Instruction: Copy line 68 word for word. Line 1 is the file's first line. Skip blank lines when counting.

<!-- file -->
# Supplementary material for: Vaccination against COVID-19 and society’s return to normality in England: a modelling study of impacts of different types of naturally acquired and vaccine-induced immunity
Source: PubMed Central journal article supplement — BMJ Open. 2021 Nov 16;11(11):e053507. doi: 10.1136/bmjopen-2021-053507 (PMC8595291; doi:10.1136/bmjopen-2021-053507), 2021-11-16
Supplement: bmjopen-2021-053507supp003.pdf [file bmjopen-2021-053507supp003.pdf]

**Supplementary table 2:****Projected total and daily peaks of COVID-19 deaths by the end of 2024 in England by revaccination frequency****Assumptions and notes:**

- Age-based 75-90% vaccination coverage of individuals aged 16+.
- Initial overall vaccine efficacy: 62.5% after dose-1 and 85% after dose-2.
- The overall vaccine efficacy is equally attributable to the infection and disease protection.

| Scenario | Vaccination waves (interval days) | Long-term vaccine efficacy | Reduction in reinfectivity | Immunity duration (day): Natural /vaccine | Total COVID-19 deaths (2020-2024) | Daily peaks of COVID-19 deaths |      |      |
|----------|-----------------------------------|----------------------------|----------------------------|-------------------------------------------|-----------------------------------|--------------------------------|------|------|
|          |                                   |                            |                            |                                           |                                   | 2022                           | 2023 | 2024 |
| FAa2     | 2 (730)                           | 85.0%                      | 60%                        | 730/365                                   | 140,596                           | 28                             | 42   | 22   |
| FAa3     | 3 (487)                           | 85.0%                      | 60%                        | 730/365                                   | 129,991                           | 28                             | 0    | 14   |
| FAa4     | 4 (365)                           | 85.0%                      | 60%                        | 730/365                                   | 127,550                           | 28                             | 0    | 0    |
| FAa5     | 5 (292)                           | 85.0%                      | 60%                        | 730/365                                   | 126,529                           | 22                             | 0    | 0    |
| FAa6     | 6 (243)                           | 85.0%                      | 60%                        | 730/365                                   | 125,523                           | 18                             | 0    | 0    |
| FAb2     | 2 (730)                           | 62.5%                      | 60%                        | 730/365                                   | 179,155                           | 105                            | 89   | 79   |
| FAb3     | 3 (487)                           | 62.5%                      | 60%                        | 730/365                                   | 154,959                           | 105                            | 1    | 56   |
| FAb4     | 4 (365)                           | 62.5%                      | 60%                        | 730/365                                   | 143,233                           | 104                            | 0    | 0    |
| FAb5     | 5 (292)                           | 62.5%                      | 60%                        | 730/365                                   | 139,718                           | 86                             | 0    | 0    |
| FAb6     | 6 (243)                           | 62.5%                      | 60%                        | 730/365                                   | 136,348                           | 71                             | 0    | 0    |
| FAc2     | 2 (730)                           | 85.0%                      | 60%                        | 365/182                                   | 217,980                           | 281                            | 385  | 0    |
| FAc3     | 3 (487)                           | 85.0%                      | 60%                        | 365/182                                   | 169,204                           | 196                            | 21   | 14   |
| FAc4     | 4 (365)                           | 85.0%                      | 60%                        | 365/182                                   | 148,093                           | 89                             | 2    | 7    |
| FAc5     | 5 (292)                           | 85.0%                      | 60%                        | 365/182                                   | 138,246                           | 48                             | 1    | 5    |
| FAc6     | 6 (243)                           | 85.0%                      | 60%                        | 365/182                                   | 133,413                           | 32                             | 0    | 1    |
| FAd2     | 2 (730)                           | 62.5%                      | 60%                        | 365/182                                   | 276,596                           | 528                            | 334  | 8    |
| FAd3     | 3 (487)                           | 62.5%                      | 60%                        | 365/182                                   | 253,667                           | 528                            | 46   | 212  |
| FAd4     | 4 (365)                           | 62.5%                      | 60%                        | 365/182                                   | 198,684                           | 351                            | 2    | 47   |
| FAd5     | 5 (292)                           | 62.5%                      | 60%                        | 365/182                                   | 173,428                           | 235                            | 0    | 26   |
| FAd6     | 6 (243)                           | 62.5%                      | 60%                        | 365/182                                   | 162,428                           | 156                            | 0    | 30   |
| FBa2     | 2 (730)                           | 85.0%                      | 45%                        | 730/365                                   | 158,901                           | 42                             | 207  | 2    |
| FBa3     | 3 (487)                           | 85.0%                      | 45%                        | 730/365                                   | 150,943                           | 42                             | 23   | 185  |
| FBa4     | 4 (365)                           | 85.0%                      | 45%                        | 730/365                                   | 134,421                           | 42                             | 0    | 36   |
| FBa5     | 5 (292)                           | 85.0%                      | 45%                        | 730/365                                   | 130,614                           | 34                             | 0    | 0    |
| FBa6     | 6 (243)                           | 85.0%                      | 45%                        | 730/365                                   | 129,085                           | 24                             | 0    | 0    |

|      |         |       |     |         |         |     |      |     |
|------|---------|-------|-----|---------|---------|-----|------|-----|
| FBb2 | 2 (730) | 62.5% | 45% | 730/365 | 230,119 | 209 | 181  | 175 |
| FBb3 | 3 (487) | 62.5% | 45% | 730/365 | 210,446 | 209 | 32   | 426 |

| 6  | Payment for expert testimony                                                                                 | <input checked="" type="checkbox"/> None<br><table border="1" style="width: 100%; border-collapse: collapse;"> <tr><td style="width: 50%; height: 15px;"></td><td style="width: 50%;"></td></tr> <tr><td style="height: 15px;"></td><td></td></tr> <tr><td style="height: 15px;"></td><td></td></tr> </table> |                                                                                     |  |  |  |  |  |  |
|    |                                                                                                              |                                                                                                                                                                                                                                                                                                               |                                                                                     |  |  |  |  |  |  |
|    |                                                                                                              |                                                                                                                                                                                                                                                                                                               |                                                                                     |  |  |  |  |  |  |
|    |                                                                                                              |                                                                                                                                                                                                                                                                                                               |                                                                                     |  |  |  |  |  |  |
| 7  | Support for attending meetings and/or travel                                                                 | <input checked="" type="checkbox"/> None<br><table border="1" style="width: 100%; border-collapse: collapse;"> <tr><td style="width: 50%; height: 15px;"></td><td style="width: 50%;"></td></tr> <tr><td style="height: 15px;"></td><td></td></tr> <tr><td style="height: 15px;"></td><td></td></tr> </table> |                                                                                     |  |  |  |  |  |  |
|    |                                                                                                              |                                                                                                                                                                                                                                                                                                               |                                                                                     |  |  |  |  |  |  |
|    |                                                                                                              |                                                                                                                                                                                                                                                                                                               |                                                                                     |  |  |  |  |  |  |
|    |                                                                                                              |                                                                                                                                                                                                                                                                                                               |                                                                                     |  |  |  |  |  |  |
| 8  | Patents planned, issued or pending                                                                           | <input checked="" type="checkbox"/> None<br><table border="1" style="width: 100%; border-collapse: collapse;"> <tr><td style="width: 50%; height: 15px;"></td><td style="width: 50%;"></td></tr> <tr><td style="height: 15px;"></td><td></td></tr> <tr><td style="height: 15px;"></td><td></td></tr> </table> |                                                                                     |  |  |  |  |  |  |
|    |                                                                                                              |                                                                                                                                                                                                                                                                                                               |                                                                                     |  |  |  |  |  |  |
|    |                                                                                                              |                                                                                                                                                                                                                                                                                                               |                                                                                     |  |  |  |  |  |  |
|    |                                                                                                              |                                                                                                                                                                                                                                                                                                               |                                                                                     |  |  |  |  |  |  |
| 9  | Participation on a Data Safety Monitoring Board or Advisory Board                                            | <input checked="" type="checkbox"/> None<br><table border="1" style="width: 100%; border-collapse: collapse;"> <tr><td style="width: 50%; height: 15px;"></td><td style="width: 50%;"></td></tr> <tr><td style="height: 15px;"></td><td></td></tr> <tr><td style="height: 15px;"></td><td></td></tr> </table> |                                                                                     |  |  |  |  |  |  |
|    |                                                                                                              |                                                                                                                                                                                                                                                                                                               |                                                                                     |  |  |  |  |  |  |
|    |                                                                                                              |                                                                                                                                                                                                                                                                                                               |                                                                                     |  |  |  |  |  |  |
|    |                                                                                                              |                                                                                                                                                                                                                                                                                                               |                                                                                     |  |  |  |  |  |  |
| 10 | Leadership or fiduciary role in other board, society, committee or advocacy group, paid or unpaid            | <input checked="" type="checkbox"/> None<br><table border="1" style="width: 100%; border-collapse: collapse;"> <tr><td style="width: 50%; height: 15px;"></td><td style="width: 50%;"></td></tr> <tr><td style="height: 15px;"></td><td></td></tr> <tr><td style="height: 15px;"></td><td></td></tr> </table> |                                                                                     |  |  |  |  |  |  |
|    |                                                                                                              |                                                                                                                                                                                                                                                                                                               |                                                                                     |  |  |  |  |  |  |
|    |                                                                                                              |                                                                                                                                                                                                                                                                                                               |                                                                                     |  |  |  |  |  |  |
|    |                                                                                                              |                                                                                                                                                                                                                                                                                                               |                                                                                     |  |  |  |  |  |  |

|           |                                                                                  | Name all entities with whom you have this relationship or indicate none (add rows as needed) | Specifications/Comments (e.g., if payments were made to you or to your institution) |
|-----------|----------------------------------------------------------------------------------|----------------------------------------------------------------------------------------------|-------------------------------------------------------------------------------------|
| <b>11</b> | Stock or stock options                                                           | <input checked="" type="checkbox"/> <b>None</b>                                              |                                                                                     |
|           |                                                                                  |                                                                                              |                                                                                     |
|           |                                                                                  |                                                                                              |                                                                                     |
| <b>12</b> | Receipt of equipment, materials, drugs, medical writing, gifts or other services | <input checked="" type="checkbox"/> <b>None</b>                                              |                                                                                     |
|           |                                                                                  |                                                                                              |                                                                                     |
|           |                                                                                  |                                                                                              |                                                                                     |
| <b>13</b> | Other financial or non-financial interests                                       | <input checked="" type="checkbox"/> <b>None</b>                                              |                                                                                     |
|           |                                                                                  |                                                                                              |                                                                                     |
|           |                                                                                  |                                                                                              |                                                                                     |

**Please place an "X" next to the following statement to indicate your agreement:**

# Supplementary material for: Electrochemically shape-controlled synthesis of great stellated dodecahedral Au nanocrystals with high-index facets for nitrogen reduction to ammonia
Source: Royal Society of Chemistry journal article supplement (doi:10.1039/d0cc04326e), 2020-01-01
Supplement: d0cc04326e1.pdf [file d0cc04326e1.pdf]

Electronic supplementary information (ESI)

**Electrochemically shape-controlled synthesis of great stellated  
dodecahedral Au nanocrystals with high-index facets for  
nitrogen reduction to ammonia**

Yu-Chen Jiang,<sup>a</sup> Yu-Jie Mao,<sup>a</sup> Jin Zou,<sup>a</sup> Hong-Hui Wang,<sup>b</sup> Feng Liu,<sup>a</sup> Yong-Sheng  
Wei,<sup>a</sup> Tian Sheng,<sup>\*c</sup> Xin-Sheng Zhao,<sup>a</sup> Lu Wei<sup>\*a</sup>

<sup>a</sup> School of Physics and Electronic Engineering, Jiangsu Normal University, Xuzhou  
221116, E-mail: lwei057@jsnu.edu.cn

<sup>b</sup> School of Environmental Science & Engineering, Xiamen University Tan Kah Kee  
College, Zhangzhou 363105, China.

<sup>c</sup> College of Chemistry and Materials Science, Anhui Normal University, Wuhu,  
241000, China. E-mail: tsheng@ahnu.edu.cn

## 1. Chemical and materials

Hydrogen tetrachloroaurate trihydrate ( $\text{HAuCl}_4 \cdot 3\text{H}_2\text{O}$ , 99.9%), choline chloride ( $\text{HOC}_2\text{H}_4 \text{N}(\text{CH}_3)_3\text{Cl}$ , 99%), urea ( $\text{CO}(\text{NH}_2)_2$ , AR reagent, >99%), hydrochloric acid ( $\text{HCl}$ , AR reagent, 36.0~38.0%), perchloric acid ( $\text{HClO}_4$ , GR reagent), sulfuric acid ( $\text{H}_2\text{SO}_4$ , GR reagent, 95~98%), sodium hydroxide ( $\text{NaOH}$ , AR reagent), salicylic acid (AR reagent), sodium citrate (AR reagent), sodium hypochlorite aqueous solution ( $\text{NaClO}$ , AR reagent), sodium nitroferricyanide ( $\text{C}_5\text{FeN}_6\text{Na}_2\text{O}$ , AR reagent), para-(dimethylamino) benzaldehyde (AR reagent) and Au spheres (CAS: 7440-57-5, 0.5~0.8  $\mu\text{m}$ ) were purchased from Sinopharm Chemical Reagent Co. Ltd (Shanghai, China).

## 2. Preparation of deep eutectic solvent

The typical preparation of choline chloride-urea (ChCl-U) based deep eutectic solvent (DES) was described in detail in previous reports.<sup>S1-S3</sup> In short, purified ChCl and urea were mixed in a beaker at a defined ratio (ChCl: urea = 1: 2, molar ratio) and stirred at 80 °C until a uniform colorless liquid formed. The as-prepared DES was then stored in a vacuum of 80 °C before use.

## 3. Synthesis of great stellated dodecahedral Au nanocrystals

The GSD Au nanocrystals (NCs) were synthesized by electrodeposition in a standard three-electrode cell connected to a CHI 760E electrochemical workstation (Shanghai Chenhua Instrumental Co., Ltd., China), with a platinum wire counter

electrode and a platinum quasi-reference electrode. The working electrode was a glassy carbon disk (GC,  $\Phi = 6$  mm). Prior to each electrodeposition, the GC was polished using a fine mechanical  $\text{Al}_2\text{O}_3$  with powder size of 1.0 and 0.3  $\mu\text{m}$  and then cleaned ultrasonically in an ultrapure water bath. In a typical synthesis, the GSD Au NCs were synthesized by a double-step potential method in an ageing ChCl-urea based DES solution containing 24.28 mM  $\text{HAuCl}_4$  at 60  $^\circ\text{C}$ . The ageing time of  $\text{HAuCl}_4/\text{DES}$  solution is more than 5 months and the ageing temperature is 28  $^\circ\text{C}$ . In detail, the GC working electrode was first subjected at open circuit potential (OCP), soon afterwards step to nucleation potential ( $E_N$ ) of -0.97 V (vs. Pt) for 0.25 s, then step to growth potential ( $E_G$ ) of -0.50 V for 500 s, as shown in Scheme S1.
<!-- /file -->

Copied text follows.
| <b>13</b> | Other financial or non-financial interests                                       | <input checked="" type="checkbox"/> <b>None</b>                                              |                                                                                     |